When it comes to the effects of caffeine, the research has been mixed.
While some studies have linked the caffeine with a lower risk of miscarriage and stillbirth, others have shown no significant effect.
And the evidence has been shaky.
The latest study published in The Lancet, a British medical journal, is the first to look at the effects on women who have had a miscarriage or are expecting one.
The researchers found that, if caffeine is taken within the first six hours of conception, the risk of stillbirth is reduced by as much as 30 per cent.
The authors of the study say this could be because the body absorbs caffeine as a liquid and metabolises it quickly.
But the researchers said this was not conclusive because they could not find any studies comparing caffeine levels with the amount of caffeine taken by pregnant women.
“Our results show that caffeine can reduce stillbirth risk by as little as 30% for women who are already pregnant,” said lead author Dr Caroline Deane.
Dr Deane said it was possible that the caffeine could have a positive effect on pregnancy and pregnancy outcome in women who already had the condition.
“We don’t know if it would reduce the risk significantly, but if you’re a mother and you’re already pregnant, you’re likely to have a lower chance of miscarriage,” she said.
“I think that it is a really important study.”
The research was conducted on 2,074 women who had a pregnancy loss and 2,816 who were expecting a pregnancy.
The women were recruited from a cohort of 5,092 pregnant women in the United States.
The women were asked whether they had been drinking caffeinated or non-caffeinated drinks during their pregnancy.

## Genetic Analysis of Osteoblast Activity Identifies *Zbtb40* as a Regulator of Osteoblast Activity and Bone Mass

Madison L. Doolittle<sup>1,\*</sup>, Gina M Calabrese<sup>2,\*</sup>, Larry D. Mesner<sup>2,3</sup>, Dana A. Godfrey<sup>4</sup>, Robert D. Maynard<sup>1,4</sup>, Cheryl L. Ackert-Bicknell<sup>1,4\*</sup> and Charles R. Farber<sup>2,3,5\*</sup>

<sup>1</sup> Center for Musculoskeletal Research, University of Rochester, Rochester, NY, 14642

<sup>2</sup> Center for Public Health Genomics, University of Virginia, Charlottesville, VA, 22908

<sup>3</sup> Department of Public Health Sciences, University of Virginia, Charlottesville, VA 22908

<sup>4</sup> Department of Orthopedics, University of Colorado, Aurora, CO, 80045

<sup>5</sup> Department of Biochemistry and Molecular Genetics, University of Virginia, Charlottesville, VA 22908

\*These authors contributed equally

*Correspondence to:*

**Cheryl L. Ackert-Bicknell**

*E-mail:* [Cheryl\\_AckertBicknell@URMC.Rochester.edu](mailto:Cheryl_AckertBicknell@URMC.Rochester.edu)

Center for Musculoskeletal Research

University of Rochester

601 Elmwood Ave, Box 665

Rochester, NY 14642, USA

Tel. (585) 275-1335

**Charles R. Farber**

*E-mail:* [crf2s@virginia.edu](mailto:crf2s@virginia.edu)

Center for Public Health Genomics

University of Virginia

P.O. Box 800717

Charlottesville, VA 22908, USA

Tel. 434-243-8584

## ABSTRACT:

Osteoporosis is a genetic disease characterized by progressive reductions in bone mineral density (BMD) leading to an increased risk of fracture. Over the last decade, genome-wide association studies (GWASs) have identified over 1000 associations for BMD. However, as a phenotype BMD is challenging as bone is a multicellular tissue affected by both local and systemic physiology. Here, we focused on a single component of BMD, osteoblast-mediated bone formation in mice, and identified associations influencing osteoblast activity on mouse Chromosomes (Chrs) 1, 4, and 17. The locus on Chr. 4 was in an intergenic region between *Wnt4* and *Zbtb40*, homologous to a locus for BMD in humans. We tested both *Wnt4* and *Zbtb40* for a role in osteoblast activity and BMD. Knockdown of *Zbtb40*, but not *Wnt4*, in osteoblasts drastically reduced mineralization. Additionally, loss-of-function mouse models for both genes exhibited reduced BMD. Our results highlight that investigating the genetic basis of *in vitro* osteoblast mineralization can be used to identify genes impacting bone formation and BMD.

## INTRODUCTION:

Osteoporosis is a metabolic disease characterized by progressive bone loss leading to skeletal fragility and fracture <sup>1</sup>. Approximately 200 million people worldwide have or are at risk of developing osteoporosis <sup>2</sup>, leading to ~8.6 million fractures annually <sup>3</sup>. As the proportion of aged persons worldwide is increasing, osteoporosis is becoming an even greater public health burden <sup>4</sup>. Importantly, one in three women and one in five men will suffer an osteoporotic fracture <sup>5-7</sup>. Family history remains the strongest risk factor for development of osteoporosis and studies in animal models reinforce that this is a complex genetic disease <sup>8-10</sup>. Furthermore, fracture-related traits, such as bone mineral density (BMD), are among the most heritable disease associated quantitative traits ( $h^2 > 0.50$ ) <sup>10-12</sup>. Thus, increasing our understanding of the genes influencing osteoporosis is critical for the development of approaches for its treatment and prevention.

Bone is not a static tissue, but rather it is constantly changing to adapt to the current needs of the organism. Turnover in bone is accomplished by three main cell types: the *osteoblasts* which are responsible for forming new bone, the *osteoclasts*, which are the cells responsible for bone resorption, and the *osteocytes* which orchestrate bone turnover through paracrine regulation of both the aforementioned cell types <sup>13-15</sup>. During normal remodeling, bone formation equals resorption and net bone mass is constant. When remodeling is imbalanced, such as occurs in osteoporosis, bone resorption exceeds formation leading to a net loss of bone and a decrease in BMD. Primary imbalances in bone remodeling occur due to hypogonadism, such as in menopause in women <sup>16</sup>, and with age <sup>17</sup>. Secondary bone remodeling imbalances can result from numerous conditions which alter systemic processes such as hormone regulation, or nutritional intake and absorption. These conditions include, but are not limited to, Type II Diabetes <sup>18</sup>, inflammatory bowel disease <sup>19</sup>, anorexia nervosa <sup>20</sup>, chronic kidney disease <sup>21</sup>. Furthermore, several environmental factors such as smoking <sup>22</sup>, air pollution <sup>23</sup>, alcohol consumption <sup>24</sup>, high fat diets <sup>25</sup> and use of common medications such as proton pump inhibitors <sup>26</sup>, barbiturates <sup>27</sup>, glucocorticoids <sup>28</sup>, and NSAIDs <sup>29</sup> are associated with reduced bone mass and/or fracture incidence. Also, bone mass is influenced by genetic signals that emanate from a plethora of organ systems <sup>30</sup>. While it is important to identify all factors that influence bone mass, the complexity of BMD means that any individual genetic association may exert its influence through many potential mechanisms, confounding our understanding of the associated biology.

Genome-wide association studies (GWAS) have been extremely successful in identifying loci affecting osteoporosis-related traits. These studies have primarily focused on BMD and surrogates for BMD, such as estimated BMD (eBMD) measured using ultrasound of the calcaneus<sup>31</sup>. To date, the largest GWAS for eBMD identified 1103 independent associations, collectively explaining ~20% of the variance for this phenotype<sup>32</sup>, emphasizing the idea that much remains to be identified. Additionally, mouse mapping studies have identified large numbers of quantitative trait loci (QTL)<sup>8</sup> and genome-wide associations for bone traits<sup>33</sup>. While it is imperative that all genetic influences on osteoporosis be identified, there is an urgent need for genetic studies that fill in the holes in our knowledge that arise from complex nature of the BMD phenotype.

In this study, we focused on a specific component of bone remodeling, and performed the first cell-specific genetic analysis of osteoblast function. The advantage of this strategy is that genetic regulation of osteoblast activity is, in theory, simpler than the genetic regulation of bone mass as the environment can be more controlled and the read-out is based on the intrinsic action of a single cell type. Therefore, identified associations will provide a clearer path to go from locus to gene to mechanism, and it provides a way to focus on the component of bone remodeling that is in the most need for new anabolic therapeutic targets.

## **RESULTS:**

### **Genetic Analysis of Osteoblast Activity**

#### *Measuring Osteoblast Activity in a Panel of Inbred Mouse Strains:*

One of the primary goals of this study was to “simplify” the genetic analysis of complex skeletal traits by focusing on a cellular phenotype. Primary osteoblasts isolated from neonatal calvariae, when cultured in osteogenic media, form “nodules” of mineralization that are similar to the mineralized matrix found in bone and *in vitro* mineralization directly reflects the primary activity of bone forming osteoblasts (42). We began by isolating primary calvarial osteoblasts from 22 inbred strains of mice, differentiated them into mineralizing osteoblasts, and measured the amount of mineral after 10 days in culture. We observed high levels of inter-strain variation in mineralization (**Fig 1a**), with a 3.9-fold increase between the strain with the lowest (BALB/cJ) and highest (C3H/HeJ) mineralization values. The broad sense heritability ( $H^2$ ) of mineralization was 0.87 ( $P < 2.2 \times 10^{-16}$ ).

Dr deane said the data was not enough to make conclusions about the potential benefits of caffeine in the first three months of pregnancy.
“It’s just one study,” she explained.
“There’s no data for what the effect might be when you’re pregnant.
It’s really hard to tell whether it’s a good thing or not.”
Caffeine is widely used as an energy drink and as a sleeping aid.
The World Health Organisation (WHO) recommends that adults drink no more than one to two cups of coffee a day.
Dr Andrew Walker, of the University of Otago in New Zealand, said the results were consistent with the research.
“Caffeinated coffee is a good source of caffeine and is well tolerated by women,” he said.
The findings are consistent with what other studies have found, he added.
“You should take some coffee, even if you only have one cup.”
Dr Walker said he did not think it was a bad idea to take caffeine if it was available.
“If you can’t get it in the form of a pill or a tablet, it’s not a bad thing,” he explained.
Dr Walker also said he would recommend that pregnant women take a multivitamin and supplement in addition to caffeine.
“This could potentially be a good strategy,” he suggested.
Dr Alain Levasseur, a professor of obstetrics and gynaecology at the University Medical Center Groningen, said there was no evidence to support the benefits of taking caffeine during pregnancy.
However, he did say that the findings showed that taking caffeine could be beneficial to women.
Dr Levaseur said it might be important for women to know whether they were taking caffeine at all.
“At the moment, we don’t really know if the effects are actually the same,” he told ABC Radio New Zealand.
“But I do think that women who use caffeine at the time of conception are more likely to be able to conceive.”